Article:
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<b>ALL THE FAVORITES: </b> Singer Wesla Whitfield brings a career's worth of history to the SOhO stage this week, where she'll perform a selection of standards from the Great American Songbook.

Vincent Scarano

ALL THE FAVORITES: Singer Wesla Whitfield brings a career's worth of history to the SOhO stage this week, where she'll perform a selection of standards from the Great American Songbook.


Santa Barbara Jazz Society Presents Wesla Whitfield

Cabaret Singer Revives the Standards at SOhO September 7


Former San Francisco opera singer and longtime cabaret powerhouse Wesla Whitfield will be making a stop at SOhO Restaurant & Music Club on Sunday, September 7, to perform a collection of songs from the Great American Songbook. Whitfield, who started singing at age 7, began her professional life as a vocalist in the mid-1970s. Today, she’s released close to 20 albums, including her most recent, The Best Things in Life: Live from the Rrazz Room, with the Mike Greensill Trio.

Looking back on her decade-spanning career, Whitfield recalled a number of milestones and highlights, including how she first discovered singing. When she was only 2-and-a-half years old, Whitfield found herself in front of her grandparent’s television watching ’50s country crooner Molly Bee. “Once I heard her, I decided that’s what I wanted to do,” said Whitfield in a recent interview with The Santa Barbara Independent. In 1995, she recalled, she experienced one of the greatest moments in her career; after performing a concert at Carnegie Hall, she was demanded back onstage for an encore and a bow. (She’s played the Carnegie stage three times since then.) Thrilling as the experience was, Whitfield said, the one thing in life that gives her a comparable feeling is teaching — “especially when a student takes what I’ve taught them and applies it to their own style and voice.” The ability to take a song and resculpt it to your own musical characteristics is what a true artist does, she explained.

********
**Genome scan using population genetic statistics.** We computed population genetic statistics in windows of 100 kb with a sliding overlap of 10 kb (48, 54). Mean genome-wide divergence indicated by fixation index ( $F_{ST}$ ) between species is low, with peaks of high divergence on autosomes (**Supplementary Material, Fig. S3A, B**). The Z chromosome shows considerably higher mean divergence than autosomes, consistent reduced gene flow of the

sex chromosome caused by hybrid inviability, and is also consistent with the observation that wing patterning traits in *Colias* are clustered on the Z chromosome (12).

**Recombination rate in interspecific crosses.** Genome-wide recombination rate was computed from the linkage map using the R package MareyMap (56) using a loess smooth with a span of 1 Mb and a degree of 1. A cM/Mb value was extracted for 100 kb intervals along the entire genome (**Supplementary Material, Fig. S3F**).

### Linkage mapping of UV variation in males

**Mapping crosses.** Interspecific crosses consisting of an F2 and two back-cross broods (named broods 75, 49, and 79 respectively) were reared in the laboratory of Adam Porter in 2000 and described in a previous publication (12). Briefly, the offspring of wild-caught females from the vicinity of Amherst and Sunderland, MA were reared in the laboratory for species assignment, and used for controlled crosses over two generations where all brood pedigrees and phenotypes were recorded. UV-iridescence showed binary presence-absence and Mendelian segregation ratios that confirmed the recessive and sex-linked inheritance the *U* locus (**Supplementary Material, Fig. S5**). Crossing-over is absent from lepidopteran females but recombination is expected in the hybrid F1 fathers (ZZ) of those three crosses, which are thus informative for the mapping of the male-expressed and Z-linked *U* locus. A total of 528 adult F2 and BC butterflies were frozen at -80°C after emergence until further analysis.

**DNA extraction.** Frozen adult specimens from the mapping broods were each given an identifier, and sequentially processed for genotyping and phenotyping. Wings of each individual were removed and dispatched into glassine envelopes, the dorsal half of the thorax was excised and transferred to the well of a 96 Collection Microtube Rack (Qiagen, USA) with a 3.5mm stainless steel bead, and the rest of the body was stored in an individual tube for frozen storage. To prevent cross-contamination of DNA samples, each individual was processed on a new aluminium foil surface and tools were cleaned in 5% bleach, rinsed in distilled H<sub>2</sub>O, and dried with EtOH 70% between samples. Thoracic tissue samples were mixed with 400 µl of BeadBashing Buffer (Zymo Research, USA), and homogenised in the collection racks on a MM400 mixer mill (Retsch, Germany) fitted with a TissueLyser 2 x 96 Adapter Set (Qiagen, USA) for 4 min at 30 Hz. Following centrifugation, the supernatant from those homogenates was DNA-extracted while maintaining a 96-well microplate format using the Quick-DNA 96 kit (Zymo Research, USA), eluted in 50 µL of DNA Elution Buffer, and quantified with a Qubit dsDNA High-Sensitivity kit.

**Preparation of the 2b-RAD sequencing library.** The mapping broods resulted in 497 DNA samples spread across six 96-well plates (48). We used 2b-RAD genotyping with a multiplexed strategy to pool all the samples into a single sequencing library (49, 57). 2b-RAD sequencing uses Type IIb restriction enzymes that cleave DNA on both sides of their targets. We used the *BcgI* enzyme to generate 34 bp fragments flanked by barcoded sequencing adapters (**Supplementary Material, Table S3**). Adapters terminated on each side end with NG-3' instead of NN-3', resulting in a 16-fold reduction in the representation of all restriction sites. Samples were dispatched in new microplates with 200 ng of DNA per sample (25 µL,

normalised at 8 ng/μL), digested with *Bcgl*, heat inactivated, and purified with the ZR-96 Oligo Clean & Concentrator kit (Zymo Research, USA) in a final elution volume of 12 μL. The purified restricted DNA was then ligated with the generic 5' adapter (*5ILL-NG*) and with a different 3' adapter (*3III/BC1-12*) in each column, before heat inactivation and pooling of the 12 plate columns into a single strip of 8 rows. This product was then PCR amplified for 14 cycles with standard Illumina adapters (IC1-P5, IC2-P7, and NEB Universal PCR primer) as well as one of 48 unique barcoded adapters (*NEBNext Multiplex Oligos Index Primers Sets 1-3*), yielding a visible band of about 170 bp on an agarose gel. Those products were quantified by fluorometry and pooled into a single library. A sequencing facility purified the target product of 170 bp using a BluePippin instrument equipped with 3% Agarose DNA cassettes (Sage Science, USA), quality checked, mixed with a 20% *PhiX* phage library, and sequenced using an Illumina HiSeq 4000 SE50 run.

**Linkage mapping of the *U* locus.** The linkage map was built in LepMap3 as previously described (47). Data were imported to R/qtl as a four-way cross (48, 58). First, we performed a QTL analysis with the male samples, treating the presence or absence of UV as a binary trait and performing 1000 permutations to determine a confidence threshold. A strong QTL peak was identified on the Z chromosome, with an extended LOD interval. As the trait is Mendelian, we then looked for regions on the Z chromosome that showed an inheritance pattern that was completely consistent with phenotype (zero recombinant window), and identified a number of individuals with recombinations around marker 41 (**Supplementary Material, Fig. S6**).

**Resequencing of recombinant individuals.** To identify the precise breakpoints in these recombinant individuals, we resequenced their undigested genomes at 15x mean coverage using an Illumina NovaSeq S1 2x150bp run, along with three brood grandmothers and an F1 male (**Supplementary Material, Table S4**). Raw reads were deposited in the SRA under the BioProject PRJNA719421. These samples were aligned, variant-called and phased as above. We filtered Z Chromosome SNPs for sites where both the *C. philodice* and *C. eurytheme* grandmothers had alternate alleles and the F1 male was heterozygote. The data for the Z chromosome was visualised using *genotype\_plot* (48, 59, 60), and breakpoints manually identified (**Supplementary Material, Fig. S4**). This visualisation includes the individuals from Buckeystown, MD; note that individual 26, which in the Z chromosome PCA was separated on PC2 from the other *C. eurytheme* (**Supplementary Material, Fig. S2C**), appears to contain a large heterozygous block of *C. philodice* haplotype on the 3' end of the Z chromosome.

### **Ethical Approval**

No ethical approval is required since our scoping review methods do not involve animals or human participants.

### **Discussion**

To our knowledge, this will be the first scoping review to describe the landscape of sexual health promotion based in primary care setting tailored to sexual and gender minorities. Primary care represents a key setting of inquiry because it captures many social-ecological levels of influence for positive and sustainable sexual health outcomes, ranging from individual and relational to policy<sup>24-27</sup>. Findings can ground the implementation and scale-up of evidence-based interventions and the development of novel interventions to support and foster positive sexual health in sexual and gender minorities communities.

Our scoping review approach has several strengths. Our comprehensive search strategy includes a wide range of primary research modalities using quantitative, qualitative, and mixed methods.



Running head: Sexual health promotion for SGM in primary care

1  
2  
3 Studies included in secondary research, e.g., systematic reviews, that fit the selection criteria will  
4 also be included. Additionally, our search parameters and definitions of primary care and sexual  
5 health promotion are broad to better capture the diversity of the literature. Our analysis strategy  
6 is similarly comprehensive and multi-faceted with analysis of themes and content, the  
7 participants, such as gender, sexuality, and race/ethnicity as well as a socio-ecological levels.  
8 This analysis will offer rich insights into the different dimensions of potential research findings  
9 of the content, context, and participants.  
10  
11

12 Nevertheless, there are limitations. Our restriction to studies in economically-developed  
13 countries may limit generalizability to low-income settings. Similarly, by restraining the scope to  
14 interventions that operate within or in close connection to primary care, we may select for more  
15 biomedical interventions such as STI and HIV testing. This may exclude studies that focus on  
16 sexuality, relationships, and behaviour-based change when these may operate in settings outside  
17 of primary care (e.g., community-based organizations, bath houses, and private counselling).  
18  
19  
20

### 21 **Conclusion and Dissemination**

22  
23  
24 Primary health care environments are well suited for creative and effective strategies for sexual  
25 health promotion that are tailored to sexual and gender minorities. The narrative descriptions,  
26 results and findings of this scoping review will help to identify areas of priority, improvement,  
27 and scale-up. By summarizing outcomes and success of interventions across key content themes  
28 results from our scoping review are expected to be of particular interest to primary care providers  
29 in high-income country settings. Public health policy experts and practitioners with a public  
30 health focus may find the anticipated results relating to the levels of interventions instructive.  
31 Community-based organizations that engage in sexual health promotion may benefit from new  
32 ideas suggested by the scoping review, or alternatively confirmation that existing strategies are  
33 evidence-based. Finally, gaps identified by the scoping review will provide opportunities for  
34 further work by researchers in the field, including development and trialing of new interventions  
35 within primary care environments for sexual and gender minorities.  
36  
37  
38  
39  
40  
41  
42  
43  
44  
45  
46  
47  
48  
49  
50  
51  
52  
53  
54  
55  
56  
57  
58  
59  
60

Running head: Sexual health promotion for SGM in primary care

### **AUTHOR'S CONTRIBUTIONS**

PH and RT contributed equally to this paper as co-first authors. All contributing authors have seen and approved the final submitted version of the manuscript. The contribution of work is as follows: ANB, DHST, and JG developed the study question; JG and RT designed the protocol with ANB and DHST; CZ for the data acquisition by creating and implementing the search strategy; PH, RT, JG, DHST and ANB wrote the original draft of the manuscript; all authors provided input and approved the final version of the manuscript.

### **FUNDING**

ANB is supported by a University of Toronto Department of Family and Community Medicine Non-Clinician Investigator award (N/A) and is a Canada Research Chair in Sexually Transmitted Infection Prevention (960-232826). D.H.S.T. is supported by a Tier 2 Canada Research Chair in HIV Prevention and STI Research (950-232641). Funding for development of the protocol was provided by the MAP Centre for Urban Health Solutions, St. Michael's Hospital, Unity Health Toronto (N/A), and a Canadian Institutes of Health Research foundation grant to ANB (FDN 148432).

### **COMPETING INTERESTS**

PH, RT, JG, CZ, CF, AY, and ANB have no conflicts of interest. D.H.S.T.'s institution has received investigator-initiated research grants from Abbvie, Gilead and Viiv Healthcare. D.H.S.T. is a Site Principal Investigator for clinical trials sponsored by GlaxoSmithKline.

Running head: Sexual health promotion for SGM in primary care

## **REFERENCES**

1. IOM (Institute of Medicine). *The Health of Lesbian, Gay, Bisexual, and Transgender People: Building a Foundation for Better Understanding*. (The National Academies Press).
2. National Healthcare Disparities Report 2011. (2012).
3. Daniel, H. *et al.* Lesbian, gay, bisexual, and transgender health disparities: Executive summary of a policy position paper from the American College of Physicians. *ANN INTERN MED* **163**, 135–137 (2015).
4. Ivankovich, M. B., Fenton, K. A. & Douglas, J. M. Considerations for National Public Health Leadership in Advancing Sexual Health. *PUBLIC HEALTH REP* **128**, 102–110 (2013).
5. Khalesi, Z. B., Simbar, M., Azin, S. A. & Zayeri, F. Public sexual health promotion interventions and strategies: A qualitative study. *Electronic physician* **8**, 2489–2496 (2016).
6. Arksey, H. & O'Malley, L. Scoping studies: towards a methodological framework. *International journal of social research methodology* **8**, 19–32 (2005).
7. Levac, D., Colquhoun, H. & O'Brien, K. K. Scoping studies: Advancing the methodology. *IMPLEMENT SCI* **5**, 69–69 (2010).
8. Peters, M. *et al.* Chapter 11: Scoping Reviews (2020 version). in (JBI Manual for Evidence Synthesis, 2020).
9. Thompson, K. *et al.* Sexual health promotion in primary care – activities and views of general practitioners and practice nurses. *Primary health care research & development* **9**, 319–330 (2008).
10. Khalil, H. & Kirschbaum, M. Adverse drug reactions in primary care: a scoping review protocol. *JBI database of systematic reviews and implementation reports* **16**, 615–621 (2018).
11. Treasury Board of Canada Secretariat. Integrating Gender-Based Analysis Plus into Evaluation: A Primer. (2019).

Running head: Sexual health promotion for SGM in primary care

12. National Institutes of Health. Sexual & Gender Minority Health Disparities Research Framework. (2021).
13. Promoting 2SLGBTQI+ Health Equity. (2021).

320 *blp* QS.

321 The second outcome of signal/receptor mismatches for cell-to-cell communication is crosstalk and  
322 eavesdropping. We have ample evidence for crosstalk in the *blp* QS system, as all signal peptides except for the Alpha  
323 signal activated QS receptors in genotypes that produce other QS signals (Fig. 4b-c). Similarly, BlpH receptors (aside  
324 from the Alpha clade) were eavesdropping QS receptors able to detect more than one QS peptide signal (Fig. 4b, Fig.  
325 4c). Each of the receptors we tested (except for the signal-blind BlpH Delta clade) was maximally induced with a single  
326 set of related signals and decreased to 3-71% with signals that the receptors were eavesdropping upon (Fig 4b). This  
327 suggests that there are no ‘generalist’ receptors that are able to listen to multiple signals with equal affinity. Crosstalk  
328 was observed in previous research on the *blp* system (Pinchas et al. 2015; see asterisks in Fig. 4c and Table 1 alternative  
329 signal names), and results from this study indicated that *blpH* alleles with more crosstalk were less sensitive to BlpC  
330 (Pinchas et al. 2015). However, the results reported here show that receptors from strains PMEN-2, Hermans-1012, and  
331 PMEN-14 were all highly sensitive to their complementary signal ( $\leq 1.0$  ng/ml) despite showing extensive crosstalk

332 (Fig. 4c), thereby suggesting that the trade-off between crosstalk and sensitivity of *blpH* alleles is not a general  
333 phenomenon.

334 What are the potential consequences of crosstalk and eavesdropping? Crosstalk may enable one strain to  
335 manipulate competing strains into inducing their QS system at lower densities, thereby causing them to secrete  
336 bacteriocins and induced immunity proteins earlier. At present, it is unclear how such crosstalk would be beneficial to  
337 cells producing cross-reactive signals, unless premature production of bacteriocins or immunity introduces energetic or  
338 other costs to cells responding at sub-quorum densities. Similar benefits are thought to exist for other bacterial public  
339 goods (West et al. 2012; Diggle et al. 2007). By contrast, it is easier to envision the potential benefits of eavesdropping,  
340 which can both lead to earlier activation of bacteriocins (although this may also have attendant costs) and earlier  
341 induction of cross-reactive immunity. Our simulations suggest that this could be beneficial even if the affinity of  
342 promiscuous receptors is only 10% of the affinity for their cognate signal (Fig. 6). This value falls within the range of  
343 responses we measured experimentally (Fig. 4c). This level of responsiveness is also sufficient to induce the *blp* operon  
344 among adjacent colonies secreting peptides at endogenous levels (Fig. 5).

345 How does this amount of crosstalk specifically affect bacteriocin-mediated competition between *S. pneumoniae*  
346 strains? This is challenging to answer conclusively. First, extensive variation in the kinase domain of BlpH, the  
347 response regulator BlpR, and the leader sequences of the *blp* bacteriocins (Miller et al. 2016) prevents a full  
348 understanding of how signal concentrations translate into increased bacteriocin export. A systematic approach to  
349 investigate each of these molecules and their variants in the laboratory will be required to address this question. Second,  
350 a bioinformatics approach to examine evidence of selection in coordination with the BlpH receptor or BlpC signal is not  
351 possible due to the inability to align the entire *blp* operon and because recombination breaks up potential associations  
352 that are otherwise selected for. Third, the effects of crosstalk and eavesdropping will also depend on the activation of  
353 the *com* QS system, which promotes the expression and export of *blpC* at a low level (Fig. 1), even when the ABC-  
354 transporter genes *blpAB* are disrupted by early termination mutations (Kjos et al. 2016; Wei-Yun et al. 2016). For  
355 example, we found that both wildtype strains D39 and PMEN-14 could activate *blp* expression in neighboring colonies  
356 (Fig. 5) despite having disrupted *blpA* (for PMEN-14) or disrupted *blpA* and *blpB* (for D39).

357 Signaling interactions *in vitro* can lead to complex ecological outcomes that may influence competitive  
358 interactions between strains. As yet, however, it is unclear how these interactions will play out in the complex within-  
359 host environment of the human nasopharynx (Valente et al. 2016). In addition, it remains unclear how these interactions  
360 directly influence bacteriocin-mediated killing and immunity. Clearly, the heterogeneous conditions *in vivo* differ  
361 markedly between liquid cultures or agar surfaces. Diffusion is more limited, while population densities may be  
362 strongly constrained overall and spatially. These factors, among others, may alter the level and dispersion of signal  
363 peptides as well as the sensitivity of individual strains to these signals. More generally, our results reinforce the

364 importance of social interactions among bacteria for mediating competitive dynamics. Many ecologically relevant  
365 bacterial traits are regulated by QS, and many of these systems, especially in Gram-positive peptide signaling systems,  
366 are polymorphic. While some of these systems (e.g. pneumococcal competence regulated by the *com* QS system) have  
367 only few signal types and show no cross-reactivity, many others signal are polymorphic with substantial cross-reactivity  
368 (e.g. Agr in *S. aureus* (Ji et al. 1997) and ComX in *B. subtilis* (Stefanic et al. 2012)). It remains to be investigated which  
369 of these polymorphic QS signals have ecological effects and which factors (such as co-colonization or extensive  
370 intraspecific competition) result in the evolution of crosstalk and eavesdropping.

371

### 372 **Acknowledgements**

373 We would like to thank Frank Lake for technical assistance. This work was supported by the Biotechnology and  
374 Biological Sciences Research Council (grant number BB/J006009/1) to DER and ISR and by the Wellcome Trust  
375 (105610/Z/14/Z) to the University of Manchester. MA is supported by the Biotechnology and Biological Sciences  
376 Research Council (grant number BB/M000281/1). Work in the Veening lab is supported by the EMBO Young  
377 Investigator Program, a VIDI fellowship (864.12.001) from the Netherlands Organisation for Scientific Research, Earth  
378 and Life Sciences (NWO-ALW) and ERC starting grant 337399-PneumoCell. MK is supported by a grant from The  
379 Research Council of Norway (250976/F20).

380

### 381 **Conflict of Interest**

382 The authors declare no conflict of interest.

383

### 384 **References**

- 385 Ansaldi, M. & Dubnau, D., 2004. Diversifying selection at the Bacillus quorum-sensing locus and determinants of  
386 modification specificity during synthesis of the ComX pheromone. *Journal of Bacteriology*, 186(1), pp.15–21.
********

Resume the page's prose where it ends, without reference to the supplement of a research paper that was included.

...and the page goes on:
When asked what drew her to music at such an early age, Whitfield answered simply and resolutely: “Music made me feel like life was worth living.” And regarding life, she offered up some equally affirming advice: “Life is important. Live every last second because you never know what is going to happen around the next corner. Don’t take it too seriously, either — it’s too mysterious.”

Whitfield will be bringing her unique touch to the standards — and her exquisite chops — to SOhO this weekend as part of the Santa Barbara Jazz Society’s ongoing (and stacked) concert calendar. For tickets or info for this, or any Santa Barbara Jazz Society shows, call (805) 687-7123 or visit sbjazz.org.

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